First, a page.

On Wednesday, Iran’s Islamic Revolution Guards Corps (IRGC) said it had successfully launched and placed the country’s first military satellite, dubbed Nour-1 (Light-1), into orbit.
The satellite was launched via the Qassed (Carrier) satellite carrier during an operation that was staged in Dasht-e Kavir, Iran’s sprawling central desert. The satellite was placed into orbit 425 kilometers above Earth’s surface.
Following the announcement, US Air Force General John Hyten, who is the vice chairman of the US Joint Chiefs of Staff, said Washington was tracking the launch closely.
Later in the day, the US Air Force’s 18th Space Control Squadron (18 SPCS) said in a tweet that it had tracked two objects in orbit that were launched from within Iran, one being the carrier and the other the satellite itself.
Subsequently, the US Space Command, the new organizational structure within the Pentagon that has overall control of military space operations, said in a tweet that it was “closely monitoring Iran’s pursuit of viable space launch technology.”
Secretary of State Mike Pompeo said Iran needed “to be held accountable” for the launch, claiming that the move violated United Nations Security Council Resolution 2231.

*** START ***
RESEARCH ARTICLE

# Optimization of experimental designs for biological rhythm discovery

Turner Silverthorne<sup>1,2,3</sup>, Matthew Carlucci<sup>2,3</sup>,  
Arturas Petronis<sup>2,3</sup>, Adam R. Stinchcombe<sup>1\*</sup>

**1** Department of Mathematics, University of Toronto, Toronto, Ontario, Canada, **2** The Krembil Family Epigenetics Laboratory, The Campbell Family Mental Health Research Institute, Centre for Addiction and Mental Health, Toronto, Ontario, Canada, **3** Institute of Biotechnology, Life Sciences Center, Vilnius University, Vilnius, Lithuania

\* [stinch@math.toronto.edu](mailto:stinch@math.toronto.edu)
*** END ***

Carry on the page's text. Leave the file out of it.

Resolution 2231, which endorsed a 2015 multilateral nuclear deal between Iran and six other countries — from which the US later withdrew — “called on” Iran “not to undertake any activity related to ballistic missiles designed to be capable of delivering nuclear weapons, including launches using such ballistic missile technology,” but did not prohibit Tehran from launching satellites.
Furthermore, under other international law, including those governing space-related activities, all countries are allowed the right to the use of outer space for peaceful purposes.
Nour-1 is Iran’s first multi-purpose satellite with application in the defense industry, among other areas.
The launch operation was carried out by the IRGC’s Aerospace Division. The agency said the country’s aerospace program was expected to gather pace following the launch.
Over the next several years, it said, the country was expected to deploy its military space activities towards taking care of its relevant telecommunication purposes, including promotion of reconnaissance and safe communication capabilities.